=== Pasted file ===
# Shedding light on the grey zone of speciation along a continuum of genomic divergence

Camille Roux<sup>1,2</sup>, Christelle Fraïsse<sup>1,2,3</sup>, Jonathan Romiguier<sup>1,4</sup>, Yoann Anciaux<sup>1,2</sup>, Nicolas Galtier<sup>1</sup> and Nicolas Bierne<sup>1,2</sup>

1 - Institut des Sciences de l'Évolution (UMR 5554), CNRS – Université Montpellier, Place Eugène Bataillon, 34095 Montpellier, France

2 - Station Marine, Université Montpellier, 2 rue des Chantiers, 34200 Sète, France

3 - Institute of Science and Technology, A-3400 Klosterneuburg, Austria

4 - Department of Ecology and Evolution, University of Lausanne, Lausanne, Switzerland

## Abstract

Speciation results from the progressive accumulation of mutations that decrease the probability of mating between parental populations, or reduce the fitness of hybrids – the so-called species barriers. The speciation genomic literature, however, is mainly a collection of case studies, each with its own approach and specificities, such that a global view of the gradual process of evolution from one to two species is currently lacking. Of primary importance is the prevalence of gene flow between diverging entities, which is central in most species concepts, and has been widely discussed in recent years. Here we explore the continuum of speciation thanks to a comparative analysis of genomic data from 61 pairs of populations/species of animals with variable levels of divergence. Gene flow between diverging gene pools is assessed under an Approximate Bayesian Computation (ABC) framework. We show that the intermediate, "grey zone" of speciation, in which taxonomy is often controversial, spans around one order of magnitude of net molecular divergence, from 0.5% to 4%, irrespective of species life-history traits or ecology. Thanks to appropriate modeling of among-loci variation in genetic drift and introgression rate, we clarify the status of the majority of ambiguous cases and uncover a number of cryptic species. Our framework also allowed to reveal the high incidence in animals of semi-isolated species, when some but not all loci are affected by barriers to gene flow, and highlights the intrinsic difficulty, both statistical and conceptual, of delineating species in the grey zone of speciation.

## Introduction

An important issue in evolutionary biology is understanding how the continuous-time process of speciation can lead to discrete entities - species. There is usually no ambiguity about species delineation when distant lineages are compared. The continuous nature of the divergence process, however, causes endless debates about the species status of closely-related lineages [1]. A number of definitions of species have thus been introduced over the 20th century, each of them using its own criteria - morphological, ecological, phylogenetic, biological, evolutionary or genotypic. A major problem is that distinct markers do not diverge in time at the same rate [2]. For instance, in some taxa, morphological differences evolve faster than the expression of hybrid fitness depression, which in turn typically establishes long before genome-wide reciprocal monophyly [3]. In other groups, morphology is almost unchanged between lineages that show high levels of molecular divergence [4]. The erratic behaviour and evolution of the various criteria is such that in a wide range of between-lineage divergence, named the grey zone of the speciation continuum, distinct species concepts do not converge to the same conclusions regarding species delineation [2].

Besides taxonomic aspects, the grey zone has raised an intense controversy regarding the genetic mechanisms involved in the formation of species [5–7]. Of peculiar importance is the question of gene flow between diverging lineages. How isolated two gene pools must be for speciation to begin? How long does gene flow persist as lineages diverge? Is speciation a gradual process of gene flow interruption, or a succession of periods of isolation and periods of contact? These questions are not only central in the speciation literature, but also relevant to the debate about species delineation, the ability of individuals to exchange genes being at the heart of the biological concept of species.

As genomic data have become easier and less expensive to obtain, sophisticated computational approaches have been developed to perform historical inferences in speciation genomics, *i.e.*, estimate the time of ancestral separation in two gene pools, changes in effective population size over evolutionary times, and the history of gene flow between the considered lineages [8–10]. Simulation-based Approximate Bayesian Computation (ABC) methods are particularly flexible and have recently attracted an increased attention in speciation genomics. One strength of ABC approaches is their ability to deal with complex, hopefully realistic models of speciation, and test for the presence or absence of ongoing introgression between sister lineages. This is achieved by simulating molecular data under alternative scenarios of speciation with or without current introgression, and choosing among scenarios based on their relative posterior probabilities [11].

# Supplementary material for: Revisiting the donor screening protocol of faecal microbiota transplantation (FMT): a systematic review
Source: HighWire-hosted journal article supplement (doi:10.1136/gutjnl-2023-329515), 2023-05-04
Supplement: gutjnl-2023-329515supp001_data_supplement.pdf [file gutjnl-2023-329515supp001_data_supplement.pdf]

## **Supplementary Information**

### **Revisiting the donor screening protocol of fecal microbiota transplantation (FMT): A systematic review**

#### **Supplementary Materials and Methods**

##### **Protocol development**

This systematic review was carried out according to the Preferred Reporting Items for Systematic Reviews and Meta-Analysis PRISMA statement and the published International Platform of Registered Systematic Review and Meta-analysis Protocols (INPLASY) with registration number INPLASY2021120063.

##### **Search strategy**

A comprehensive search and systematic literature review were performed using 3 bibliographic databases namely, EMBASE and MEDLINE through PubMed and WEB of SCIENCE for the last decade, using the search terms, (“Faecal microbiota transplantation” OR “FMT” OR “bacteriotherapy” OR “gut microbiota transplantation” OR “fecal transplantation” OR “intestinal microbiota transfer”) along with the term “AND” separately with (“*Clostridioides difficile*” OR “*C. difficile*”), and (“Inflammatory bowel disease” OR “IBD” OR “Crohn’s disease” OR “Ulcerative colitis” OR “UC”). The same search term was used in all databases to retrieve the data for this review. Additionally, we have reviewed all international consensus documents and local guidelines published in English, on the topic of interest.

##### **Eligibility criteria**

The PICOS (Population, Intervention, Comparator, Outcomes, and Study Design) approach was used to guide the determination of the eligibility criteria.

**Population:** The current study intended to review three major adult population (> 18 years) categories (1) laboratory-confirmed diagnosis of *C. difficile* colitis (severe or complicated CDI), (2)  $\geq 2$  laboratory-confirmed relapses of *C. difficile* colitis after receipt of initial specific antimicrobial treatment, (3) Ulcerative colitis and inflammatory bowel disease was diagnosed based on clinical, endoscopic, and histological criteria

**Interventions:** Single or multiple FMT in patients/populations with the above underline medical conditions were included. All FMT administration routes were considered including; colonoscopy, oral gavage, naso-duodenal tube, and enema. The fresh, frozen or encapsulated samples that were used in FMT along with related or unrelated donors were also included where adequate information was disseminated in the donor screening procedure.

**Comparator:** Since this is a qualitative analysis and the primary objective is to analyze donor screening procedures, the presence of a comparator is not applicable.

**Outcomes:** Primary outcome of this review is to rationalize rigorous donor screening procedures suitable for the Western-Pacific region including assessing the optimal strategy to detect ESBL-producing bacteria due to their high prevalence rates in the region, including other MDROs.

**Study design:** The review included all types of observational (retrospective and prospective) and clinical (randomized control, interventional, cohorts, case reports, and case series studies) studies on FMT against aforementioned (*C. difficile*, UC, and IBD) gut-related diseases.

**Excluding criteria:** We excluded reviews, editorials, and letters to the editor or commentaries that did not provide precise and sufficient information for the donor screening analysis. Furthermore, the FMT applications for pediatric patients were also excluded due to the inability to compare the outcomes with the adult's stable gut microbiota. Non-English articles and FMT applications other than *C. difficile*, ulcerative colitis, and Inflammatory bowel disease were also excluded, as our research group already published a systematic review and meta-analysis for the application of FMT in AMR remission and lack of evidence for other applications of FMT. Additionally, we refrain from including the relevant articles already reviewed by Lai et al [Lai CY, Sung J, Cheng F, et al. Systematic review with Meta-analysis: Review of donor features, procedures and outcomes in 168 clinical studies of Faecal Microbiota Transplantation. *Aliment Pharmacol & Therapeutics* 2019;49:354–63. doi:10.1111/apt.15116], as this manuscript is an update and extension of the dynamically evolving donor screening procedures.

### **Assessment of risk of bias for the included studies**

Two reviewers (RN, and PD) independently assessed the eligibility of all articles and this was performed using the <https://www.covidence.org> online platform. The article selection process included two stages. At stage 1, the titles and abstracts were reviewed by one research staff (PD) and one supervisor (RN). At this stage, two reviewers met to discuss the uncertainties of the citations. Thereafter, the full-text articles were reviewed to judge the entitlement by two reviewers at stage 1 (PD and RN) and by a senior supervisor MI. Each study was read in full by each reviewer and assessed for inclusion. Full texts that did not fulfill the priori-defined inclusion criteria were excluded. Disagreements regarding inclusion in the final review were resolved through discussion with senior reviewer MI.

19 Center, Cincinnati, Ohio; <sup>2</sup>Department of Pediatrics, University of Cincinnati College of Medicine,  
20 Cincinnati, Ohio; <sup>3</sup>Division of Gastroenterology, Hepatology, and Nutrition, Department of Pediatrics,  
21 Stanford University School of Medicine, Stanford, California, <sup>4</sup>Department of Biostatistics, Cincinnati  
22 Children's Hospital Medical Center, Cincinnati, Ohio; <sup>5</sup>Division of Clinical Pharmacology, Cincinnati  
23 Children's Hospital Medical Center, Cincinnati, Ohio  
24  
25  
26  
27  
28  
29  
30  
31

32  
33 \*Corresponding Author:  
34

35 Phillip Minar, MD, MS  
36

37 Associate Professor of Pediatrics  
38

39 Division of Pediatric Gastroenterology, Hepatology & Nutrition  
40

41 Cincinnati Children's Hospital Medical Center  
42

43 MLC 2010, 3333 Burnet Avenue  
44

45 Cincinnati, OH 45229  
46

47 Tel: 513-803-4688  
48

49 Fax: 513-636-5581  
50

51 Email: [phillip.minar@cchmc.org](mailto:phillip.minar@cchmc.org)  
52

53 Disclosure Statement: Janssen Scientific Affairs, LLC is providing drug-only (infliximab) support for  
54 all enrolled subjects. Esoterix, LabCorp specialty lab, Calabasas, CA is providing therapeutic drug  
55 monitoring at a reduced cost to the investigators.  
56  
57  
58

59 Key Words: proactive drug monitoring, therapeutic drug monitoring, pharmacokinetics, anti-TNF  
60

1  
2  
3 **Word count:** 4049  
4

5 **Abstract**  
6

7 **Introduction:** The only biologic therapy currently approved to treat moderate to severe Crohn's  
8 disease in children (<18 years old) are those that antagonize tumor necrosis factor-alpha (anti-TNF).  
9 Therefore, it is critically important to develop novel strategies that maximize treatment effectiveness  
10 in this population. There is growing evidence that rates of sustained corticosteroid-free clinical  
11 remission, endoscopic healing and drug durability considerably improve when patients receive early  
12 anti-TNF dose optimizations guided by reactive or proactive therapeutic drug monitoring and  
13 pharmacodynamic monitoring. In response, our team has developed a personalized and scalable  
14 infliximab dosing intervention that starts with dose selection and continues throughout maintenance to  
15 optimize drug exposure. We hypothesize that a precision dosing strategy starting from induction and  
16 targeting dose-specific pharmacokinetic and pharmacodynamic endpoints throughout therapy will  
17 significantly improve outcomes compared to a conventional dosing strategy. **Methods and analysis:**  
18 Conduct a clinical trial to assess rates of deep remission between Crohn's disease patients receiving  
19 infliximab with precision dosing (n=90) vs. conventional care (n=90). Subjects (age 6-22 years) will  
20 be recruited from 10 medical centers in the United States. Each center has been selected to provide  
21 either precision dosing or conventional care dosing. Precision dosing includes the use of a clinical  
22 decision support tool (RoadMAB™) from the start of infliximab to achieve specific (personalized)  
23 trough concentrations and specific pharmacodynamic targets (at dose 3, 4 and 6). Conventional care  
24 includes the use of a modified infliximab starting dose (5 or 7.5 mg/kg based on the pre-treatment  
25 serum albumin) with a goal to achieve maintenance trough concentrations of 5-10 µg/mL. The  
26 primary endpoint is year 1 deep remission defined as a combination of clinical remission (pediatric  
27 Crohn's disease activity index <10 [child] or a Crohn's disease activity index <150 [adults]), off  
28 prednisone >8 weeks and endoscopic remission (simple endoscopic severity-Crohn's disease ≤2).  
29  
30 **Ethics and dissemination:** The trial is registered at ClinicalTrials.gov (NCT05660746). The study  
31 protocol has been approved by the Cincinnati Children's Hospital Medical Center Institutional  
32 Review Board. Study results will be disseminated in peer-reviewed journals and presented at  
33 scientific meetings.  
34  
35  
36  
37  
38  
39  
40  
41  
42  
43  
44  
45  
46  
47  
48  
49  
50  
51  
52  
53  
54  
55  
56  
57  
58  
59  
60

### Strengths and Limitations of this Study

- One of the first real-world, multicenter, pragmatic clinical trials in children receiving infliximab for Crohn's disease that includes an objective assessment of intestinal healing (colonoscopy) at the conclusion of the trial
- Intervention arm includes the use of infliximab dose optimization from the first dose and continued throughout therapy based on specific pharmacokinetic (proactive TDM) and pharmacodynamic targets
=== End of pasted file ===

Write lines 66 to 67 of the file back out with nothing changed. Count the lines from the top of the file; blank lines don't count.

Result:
52

53 Disclosure Statement: Janssen Scientific Affairs, LLC is providing drug-only (infliximab) support for  